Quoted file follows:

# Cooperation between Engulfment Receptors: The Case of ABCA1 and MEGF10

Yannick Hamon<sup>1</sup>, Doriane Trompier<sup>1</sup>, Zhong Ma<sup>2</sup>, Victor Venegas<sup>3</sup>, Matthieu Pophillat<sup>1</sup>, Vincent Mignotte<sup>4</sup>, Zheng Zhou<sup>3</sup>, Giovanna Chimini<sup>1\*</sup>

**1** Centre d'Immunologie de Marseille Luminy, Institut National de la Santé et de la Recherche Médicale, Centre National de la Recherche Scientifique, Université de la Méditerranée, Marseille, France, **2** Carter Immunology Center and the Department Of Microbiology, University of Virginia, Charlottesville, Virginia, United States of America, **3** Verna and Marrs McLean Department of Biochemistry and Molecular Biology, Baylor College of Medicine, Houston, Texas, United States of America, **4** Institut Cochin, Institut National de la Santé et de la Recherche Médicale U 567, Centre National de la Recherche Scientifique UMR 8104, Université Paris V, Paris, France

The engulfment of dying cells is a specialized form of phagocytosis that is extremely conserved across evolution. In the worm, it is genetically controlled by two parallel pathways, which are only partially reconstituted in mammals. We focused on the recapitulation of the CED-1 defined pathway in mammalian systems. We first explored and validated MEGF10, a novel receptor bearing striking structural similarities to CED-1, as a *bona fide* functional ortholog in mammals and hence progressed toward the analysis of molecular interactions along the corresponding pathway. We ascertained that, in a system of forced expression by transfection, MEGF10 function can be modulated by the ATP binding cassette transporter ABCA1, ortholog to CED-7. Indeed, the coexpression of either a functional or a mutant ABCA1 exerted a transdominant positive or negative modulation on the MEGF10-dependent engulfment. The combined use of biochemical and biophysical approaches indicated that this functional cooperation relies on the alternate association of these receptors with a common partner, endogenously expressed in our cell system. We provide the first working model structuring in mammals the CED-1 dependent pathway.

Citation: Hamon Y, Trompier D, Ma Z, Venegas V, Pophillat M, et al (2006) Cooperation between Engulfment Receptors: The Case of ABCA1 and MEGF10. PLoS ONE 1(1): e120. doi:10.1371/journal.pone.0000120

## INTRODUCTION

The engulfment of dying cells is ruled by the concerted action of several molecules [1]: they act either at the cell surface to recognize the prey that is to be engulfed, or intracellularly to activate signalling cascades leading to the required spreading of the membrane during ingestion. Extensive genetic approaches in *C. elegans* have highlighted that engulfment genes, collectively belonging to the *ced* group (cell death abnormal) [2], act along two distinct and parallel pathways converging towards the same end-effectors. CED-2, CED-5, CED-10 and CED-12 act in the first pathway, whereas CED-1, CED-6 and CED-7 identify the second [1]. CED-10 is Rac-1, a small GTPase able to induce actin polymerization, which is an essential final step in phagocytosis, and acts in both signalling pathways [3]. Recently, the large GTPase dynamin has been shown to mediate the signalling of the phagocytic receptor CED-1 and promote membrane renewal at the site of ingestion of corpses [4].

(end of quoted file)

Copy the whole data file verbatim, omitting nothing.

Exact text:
# Cooperation between Engulfment Receptors: The Case of ABCA1 and MEGF10

Yannick Hamon<sup>1</sup>, Doriane Trompier<sup>1</sup>, Zhong Ma<sup>2</sup>, Victor Venegas<sup>3</sup>, Matthieu Pophillat<sup>1</sup>, Vincent Mignotte<sup>4</sup>, Zheng Zhou<sup>3</sup>, Giovanna Chimini<sup>1\*</sup>

**1** Centre d'Immunologie de Marseille Luminy, Institut National de la Santé et de la Recherche Médicale, Centre National de la Recherche Scientifique, Université de la Méditerranée, Marseille, France, **2** Carter Immunology Center and the Department Of Microbiology, University of Virginia, Charlottesville, Virginia, United States of America, **3** Verna and Marrs McLean Department of Biochemistry and Molecular Biology, Baylor College of Medicine, Houston, Texas, United States of America, **4** Institut Cochin, Institut National de la Santé et de la Recherche Médicale U 567, Centre National de la Recherche Scientifique UMR 8104, Université Paris V, Paris, France

The engulfment of dying cells is a specialized form of phagocytosis that is extremely conserved across evolution. In the worm, it is genetically controlled by two parallel pathways, which are only partially reconstituted in mammals. We focused on the recapitulation of the CED-1 defined pathway in mammalian systems. We first explored and validated MEGF10, a novel receptor bearing striking structural similarities to CED-1, as a *bona fide* functional ortholog in mammals and hence progressed toward the analysis of molecular interactions along the corresponding pathway. We ascertained that, in a system of forced expression by transfection, MEGF10 function can be modulated by the ATP binding cassette transporter ABCA1, ortholog to CED-7. Indeed, the coexpression of either a functional or a mutant ABCA1 exerted a transdominant positive or negative modulation on the MEGF10-dependent engulfment. The combined use of biochemical and biophysical approaches indicated that this functional cooperation relies on the alternate association of these receptors with a common partner, endogenously expressed in our cell system. We provide the first working model structuring in mammals the CED-1 dependent pathway.

Citation: Hamon Y, Trompier D, Ma Z, Venegas V, Pophillat M, et al (2006) Cooperation between Engulfment Receptors: The Case of ABCA1 and MEGF10. PLoS ONE 1(1): e120. doi:10.1371/journal.pone.0000120

## INTRODUCTION

The engulfment of dying cells is ruled by the concerted action of several molecules [1]: they act either at the cell surface to recognize the prey that is to be engulfed, or intracellularly to activate signalling cascades leading to the required spreading of the membrane during ingestion. Extensive genetic approaches in *C. elegans* have highlighted that engulfment genes, collectively belonging to the *ced* group (cell death abnormal) [2], act along two distinct and parallel pathways converging towards the same end-effectors. CED-2, CED-5, CED-10 and CED-12 act in the first pathway, whereas CED-1, CED-6 and CED-7 identify the second [1]. CED-10 is Rac-1, a small GTPase able to induce actin polymerization, which is an essential final step in phagocytosis, and acts in both signalling pathways [3]. Recently, the large GTPase dynamin has been shown to mediate the signalling of the phagocytic receptor CED-1 and promote membrane renewal at the site of ingestion of corpses [4].